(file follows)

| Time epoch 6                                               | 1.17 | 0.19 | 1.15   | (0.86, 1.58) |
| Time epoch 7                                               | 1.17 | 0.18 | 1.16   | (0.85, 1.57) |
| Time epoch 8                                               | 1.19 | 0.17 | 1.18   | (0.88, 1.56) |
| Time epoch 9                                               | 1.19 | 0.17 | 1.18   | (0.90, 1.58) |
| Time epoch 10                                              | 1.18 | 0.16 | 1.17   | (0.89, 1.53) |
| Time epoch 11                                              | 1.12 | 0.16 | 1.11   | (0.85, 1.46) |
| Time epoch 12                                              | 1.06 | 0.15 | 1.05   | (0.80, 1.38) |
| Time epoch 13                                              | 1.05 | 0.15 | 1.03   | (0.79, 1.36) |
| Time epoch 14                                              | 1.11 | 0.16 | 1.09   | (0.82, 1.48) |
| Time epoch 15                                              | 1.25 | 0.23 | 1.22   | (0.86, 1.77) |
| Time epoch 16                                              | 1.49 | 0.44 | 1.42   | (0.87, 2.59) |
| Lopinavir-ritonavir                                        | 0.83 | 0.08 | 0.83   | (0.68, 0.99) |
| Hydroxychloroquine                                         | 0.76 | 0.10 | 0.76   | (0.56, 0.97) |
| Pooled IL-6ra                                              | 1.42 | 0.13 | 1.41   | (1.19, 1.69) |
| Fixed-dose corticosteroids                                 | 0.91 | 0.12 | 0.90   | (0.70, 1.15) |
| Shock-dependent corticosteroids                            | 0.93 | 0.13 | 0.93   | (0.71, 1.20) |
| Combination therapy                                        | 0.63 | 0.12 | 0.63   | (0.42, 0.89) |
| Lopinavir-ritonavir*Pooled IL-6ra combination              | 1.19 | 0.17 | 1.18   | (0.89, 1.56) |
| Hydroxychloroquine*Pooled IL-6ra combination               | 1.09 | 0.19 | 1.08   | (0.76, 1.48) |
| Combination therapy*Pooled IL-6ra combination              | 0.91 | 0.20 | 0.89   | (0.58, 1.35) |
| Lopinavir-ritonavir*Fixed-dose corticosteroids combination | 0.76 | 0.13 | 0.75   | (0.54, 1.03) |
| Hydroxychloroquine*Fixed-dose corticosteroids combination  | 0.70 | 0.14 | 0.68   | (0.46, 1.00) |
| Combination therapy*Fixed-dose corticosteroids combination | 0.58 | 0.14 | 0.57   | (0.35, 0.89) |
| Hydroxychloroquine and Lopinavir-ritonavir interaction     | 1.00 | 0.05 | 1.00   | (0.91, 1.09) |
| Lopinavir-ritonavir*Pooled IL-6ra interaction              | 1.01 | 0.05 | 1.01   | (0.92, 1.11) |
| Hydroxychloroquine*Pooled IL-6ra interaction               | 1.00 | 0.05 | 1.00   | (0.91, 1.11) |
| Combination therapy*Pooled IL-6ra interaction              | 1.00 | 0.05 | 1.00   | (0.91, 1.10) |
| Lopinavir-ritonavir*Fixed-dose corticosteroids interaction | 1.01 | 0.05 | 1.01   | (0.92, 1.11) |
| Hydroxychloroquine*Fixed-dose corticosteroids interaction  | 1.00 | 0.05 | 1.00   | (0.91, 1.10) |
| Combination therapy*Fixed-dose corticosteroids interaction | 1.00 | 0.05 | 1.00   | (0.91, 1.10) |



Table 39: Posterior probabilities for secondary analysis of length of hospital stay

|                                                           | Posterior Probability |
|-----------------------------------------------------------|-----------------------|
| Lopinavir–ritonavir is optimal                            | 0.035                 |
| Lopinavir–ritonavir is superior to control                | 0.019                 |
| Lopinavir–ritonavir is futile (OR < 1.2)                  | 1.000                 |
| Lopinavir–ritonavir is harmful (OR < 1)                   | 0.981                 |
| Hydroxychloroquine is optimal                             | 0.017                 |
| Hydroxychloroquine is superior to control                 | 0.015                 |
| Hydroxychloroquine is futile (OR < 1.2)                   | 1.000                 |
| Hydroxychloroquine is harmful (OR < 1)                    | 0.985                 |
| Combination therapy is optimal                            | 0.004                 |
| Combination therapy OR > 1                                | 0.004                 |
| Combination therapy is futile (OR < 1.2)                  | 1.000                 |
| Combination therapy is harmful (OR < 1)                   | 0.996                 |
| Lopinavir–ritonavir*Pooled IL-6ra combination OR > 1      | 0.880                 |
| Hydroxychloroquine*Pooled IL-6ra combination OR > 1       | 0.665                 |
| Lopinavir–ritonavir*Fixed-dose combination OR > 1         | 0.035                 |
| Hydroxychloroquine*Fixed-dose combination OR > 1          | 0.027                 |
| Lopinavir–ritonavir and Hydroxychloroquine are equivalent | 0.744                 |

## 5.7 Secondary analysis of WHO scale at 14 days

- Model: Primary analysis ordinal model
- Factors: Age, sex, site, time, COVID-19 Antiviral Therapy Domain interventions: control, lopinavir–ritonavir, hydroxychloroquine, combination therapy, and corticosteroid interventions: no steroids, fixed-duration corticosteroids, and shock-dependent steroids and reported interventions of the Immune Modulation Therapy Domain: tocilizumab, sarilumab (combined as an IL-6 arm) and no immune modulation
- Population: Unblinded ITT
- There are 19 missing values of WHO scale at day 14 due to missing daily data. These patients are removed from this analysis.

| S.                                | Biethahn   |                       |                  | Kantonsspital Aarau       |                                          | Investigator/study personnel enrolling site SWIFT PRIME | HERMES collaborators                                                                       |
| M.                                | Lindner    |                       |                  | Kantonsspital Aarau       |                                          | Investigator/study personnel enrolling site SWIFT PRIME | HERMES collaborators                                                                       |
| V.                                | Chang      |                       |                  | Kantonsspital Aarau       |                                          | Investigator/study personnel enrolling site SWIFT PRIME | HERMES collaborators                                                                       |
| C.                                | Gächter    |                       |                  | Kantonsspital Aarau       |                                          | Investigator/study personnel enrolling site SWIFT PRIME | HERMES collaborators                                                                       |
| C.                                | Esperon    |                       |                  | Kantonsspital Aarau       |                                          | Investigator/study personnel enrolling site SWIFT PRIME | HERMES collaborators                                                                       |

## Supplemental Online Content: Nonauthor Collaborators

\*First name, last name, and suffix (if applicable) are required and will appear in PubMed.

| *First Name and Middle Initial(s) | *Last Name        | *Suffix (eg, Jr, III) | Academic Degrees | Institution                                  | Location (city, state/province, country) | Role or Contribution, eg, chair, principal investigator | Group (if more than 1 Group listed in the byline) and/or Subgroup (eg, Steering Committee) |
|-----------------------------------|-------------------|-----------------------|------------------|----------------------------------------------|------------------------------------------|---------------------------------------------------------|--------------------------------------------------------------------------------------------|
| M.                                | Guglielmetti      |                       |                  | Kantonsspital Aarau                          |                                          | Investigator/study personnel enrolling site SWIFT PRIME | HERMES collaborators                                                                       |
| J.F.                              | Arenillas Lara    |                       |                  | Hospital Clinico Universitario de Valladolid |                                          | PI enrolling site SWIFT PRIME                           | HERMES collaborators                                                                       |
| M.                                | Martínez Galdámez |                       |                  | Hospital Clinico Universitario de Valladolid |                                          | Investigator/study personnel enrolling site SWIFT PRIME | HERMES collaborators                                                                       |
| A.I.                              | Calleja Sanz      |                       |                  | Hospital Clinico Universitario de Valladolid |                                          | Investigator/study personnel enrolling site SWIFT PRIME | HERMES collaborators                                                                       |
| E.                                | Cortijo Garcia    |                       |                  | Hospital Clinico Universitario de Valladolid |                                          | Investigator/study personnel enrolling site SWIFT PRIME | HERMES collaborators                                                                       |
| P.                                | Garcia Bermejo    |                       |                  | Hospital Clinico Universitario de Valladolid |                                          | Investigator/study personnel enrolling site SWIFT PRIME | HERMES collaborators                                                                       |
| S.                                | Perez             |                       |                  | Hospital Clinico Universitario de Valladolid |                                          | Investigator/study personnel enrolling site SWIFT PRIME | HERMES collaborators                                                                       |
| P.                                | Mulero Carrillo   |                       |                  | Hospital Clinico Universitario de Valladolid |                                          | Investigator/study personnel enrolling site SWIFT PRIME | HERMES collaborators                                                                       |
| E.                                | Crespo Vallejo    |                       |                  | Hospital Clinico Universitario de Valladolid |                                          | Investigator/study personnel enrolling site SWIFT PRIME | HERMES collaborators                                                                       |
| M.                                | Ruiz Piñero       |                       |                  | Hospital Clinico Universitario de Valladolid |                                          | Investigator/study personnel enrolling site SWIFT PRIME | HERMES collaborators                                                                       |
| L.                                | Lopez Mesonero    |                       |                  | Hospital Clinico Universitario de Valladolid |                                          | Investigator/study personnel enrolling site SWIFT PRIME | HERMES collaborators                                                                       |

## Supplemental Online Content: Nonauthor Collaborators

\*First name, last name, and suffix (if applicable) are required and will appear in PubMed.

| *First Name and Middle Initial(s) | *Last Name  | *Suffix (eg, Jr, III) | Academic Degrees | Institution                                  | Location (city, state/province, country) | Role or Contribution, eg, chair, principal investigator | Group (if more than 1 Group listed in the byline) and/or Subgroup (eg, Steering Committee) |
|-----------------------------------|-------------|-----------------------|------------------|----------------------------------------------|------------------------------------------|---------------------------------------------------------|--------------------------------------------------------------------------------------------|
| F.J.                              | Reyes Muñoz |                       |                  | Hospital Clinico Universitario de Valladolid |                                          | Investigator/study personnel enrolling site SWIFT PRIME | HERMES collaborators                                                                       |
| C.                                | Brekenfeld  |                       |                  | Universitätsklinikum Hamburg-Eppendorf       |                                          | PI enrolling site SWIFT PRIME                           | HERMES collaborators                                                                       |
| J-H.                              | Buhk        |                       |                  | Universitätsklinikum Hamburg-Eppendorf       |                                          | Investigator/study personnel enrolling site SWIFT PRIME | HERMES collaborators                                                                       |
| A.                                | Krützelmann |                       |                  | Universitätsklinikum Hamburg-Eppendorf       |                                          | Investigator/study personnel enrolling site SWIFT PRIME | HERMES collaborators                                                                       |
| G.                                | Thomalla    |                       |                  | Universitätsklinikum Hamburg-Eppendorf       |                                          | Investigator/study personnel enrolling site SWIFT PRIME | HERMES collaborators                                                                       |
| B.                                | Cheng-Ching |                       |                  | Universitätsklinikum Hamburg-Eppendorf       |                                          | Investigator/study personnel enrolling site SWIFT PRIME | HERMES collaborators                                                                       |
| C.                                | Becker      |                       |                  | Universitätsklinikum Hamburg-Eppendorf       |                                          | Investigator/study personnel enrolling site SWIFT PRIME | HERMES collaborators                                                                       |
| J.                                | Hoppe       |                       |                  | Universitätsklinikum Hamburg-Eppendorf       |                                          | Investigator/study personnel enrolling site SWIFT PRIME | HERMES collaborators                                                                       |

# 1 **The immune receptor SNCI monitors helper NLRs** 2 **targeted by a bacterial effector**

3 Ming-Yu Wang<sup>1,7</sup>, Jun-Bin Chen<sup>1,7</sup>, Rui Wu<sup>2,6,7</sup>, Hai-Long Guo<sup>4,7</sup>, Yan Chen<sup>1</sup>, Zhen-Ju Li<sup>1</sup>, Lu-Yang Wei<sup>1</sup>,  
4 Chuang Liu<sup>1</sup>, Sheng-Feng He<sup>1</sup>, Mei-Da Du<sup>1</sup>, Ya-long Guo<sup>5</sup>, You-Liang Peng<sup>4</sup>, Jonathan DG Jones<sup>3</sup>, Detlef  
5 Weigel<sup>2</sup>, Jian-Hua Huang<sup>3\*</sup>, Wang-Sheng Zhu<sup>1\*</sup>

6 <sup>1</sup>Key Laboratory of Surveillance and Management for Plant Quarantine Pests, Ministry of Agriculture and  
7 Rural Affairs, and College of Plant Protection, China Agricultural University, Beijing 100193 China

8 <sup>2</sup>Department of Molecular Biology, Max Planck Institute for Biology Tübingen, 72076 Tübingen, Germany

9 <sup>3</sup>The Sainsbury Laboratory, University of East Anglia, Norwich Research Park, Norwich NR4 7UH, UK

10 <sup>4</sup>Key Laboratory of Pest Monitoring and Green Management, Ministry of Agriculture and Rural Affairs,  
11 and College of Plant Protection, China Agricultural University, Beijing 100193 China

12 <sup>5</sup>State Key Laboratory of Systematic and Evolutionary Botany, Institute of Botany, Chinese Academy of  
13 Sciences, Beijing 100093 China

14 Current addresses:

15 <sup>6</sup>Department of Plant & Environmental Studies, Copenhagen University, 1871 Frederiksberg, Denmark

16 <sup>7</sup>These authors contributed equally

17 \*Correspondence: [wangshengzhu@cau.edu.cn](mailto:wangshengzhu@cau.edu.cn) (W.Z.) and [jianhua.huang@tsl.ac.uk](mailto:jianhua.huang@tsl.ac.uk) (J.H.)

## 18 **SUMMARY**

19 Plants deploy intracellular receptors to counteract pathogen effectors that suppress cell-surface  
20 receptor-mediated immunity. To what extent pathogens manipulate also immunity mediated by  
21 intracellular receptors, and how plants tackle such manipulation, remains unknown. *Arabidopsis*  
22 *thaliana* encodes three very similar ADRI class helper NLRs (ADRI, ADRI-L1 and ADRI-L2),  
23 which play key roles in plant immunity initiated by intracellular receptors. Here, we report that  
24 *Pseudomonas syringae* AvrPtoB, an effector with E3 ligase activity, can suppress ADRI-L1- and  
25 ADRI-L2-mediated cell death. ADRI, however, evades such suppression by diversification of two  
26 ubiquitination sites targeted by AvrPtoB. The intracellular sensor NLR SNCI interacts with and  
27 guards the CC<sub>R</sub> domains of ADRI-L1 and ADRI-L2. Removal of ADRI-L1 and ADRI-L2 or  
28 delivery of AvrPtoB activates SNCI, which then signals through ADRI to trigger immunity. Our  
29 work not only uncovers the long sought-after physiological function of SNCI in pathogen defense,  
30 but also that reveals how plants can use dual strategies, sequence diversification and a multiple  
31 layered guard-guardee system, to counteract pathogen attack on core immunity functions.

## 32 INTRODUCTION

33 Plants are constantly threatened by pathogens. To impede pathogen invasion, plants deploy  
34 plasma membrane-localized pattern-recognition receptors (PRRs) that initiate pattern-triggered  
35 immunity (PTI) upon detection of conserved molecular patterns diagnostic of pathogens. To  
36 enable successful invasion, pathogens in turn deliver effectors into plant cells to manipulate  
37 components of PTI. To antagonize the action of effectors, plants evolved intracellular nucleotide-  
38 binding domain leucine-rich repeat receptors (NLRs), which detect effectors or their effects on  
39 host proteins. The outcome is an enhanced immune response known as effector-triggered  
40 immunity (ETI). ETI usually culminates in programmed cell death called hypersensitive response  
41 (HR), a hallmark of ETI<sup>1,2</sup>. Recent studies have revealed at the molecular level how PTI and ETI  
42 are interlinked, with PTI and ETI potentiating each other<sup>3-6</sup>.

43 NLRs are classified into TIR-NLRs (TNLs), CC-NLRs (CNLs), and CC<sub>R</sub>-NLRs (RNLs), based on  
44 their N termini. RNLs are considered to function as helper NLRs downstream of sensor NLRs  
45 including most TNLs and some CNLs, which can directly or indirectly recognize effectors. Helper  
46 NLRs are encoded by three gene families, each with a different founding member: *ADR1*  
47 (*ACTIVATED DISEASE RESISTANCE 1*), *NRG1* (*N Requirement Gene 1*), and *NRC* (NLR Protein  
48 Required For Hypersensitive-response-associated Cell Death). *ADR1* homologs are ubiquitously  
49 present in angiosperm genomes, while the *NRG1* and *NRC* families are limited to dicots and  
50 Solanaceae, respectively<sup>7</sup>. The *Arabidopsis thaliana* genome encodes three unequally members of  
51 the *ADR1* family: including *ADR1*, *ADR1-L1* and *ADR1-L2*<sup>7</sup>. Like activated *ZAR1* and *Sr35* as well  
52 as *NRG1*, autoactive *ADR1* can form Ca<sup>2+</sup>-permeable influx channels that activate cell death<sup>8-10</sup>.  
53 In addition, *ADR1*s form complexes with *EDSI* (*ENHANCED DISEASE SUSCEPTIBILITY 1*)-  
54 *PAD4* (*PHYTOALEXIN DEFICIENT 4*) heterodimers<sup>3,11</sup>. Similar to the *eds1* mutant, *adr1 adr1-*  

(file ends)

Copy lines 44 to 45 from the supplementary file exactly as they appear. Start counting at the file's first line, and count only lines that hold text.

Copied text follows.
| Combination therapy is futile (OR < 1.2)                  | 1.000                 |
| Combination therapy is harmful (OR < 1)                   | 0.996                 |